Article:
SAN JOSE – Madison Kocian knows that you’re watching her on uneven bars. She can feel your gaze – in the arena or through the TV screen – and it hits her like a hot white light, a spotlight shining brightly onto what she is expected to do and what she needs to accomplish in the next 45 seconds.
But Kocian also does this: She blocks all of it out. She chalks up, coach Laurent Landi helping her, and walks underneath the high bar, her eyes even with the low bar and she stares at it, the most menacing face that Madison can manage. It’s both her enemy and her best friend in this moment. And then, she begins.
Friday night at the U.S. Olympic Trials inside an electric SAP Center, Kocian quieted her mind and delivered a knockout 15.750 on bars, tying her with Ashton Locklear for first place in the event heading into Sunday night.
It was a scenario you couldn’t make up: Kocian, U.S. and world champion on bars in 2015, and Locklear, U.S. champ this year, were in a dead heat in the event that many see as the Americans’ weakest, meaning they need a specialist heading into Rio.
But to Maddie, all that matters is delivering when she needs to. Friday night she did.
“I think things went really well tonight,” the 19-year-old from Dallas said. “I was really confident coming into this. I was trying to keep the same positive attitude that I had at nationals. I’m trying to do the same routines that I’ve been doing in training because that has been going really well. I’m trusting in my training.”
Kocian, however, looked the stronger of the two elsewhere. She finished sixth overall and outscored Locklear on beam, 14.700 to 13.200.
“Based on today’s performance, Madison, in my eyes, is ahead of Ashton because she performs for the group in other events as well,” women’s national team coordinator Martha Karolyi said. “Her execution on bars is very good, and in my opinion her score should have been higher by one tenth of a point. It was improved from championships.”
If Martha Karolyi is of the opinion that you should have been scored higher, you’re obviously doing something right.
“So far, I think it’s the best routine she’s ever competed,” her coach, Landi, said of bars Friday night. “It’s getting better and better. It’s very positive.”
But four months ago, things were less positive in the world of Kocian. Her foot, broken, was in a cast, and she couldn’t train, not even on bars, due to the injury. Her mind raced through the worst-case scenarios, the Rio Olympics looming in August.
“I didn’t know what it meant for me, how long I was going to be out,” Kocian explained of the forced time off. “I started thinking about if I was going to be behind the other girls and what competitions I was going to be missing. You just try to focus on what you can control. But I think it made me stronger; I want this more now than I did before.”
Kocian was back for the Secret U.S. Classic last month, where she was second on bars (the only event she competed), and then went for all four events in St. Louis at the P&G Gymnastics Championships (as she is this weekend in San Jose), even if her vault and floor exercise were watered down versions so as not to risk further injury.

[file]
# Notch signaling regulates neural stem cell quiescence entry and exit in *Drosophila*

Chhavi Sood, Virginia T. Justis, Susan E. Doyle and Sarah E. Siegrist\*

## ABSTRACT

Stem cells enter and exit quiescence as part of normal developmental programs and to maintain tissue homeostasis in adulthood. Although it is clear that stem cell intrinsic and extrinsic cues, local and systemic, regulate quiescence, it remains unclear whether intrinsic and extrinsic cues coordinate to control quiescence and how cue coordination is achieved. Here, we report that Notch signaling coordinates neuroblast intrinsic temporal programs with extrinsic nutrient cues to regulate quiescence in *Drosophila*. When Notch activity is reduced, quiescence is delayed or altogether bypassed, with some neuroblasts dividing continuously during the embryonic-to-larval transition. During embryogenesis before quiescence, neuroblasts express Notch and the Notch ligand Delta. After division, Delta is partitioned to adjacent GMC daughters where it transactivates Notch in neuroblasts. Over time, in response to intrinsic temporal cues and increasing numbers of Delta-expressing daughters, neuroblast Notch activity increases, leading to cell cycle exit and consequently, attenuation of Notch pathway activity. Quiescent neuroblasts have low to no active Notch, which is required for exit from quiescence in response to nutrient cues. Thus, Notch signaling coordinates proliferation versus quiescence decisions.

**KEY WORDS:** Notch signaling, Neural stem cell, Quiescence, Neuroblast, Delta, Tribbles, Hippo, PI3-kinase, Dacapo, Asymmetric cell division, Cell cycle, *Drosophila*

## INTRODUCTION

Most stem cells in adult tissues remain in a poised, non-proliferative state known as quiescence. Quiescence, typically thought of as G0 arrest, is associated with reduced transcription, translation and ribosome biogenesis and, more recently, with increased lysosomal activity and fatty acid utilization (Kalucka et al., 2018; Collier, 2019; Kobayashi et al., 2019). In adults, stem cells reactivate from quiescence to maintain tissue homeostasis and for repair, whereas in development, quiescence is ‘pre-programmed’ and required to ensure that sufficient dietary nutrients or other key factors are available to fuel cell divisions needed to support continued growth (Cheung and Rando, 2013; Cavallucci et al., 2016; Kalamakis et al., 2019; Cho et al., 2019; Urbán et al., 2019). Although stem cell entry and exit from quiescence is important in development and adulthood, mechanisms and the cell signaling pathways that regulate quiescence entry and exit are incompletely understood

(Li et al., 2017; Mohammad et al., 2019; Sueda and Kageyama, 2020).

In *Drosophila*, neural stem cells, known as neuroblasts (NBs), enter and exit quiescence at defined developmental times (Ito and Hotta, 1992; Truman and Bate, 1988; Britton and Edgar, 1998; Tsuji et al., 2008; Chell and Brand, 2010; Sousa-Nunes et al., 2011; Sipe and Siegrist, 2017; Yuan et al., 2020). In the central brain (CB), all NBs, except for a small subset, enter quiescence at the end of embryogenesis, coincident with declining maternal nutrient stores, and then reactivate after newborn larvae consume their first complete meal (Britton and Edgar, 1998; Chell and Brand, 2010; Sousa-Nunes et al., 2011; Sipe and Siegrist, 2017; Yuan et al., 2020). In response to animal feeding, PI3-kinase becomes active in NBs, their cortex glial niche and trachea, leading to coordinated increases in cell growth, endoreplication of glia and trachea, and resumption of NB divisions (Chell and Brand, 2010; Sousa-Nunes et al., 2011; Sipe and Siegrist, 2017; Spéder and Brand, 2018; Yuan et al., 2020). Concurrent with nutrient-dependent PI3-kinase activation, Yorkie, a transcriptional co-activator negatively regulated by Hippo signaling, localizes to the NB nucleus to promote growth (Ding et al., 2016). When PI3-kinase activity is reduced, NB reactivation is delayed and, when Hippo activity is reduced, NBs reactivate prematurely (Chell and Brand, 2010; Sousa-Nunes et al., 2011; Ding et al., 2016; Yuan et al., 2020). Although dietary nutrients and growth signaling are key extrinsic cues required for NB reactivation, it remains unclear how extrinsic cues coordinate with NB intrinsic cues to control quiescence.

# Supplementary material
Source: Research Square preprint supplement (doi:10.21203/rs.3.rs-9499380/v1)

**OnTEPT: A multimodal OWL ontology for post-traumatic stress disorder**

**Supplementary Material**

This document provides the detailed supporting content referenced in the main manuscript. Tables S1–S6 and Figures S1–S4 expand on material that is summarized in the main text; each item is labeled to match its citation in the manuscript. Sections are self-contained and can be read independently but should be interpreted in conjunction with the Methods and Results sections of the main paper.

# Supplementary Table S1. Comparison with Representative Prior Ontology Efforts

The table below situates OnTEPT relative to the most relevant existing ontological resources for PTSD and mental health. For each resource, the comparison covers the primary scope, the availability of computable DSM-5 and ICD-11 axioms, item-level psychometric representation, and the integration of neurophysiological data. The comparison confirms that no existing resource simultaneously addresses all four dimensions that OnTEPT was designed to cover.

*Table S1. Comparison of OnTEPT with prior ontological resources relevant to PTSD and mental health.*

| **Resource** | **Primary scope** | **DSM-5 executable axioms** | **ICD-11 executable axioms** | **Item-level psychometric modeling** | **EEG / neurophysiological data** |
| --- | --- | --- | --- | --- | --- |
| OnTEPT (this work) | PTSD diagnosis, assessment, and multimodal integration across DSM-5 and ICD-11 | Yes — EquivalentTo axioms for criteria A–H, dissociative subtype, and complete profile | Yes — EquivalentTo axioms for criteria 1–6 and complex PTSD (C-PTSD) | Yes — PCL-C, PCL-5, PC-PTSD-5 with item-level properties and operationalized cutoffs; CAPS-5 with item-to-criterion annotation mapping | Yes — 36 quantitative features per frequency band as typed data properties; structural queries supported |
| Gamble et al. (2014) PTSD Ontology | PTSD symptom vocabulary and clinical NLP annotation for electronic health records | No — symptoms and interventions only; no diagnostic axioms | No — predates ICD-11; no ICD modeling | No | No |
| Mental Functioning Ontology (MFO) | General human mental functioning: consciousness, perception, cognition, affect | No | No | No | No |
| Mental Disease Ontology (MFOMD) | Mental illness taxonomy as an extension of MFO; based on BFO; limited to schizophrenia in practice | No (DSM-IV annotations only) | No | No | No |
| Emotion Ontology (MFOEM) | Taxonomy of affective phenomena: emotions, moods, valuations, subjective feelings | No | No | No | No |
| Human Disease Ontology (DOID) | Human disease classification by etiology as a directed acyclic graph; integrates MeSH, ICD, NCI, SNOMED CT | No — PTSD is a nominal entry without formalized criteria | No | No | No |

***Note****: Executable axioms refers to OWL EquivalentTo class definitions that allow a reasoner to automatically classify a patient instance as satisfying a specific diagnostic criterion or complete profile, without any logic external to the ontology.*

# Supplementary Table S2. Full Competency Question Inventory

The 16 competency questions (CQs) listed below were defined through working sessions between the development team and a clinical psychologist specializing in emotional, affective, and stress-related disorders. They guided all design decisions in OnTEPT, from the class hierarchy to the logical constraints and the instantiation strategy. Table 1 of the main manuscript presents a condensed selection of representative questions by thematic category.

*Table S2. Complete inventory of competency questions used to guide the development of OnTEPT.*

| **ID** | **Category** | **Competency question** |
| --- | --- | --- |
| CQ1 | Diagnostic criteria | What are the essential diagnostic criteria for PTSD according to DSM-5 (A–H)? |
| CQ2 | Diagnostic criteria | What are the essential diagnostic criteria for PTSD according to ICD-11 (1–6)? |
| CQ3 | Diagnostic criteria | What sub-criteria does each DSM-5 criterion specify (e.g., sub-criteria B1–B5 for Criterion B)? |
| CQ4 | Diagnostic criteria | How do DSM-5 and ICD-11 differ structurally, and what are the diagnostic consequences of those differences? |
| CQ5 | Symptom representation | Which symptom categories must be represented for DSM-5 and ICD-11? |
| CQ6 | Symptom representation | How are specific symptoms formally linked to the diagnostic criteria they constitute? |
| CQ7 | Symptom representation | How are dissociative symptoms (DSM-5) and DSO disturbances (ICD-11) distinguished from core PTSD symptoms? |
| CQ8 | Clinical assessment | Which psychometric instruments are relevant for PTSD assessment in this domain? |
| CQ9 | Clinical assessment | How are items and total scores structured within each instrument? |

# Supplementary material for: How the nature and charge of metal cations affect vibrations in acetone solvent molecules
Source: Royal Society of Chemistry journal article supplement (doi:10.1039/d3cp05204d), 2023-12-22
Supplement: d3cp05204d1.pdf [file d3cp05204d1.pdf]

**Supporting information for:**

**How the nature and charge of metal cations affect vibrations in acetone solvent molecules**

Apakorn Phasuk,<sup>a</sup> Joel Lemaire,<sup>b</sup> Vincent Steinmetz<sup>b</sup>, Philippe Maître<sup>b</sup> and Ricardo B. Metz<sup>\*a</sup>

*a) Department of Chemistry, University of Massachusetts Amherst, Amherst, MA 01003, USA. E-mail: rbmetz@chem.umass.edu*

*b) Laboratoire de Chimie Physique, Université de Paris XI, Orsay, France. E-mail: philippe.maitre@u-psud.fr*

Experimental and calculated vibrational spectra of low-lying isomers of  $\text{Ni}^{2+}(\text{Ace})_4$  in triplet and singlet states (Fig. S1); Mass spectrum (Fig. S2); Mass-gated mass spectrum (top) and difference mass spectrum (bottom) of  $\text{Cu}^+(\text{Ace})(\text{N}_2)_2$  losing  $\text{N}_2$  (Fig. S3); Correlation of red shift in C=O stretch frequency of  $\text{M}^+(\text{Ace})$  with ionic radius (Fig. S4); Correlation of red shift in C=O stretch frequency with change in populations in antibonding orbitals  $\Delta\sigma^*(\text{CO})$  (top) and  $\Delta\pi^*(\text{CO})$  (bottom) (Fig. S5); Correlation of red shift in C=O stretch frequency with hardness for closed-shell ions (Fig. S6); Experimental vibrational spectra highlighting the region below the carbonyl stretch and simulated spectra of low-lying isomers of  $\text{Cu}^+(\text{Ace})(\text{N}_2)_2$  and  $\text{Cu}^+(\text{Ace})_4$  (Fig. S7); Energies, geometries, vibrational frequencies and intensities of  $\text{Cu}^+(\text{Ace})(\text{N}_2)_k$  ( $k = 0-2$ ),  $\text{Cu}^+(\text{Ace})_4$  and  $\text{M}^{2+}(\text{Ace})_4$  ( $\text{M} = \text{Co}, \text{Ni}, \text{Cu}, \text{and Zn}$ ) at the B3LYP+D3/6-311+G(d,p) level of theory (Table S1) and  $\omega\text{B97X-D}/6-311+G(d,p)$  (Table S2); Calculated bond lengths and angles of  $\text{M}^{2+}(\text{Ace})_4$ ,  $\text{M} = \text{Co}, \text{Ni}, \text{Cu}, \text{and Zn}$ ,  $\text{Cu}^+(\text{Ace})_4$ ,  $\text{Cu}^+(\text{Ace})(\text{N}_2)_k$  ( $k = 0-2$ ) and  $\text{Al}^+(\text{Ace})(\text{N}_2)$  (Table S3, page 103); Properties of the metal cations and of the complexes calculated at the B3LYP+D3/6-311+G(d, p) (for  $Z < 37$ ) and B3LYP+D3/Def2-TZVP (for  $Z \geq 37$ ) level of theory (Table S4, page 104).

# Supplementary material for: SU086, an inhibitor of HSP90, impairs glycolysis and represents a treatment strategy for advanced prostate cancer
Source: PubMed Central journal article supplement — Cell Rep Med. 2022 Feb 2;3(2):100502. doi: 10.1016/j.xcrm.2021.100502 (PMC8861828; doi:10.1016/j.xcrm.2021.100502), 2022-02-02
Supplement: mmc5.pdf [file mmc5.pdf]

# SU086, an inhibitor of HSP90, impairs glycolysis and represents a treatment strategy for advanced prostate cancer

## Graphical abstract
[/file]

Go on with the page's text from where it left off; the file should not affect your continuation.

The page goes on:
From there, it has been all systems go. Karolyi pulled her aside after St. Louis and said she was happy with Kocian’s consistency in going eight-for-eight at nationals (she placed fifth in the all around), telling Madison that that was exactly what she wanted to see at trials, as well.
How does a 19-year-old who has dreamed her whole life of being an Olympian not become consumed by what could and might be, however?
“I just don’t think about that right now,” she said, stone faced. “My main focus is Olympic trials and doing the best that I can. I let what’s going to happen in the end just play out on its own.”
Her mom Cindy, on the other hand, is a nervous wreck, unable to sit with Madison’s dad during meets and oftentimes pacing the arena, too stressed to sit down. She still watches her daughter compete, even if she can barely bear to watch.
“At this point, I think I’ve learned how to control my nerves, so maybe for her it’s more nerve-racking,” Kocian said of her mom, laughing.
Landi points out that this is a mature Madison, a Madison that has been through a frustrating injury this year and two World Championship teams, a Madison that has won a Worlds gold on bars and doesn’t hone in on the process or the outcome. She just competes.
“I can see right now that she is much more relaxed, she can handle pressure,” he said. “She is going to take every opportunity to deliver what she can do best on the bars. She’s on a mission.”
While Friday night was mission accomplished, Sunday will be packed with more pressure and expectation for all the girls, Kocian included. She is keeping her head down, however, concerned more with each skill and each event more than anything else. She likens it to golf: Do your best on one hole, forget about it and focus on the next.
Friday night, as Kocian stepped up to the bars as she always does, her eyes fixed on what’s in front of her, teammate Aly Raisman stood just off the podium, shouting encouragement at her. Moments earlier, Raisman had locked eyes with Kocian and reminded her that she – Madison Kocian – was a world champion in this event.
How’s that for a confidence boost?
“It’s definitely not annoying,” Kocian said of Raisman’s persistent shouts from the sideline. “Actually, I love all of the cheering. We had a huge crowd tonight and some people think that it’s distracting or might make you more nervous, but it’s fun to have more support here.”
So, gymnastics fan, keep watching, because Maddie intends to keep delivering. Actually, she plans to be even better.
“I did what I was supposed to do tonight. On day two, there are a couple little things that I can improve on for bars. That is my goal. ; The competition isn’t over until you stick your final landing.”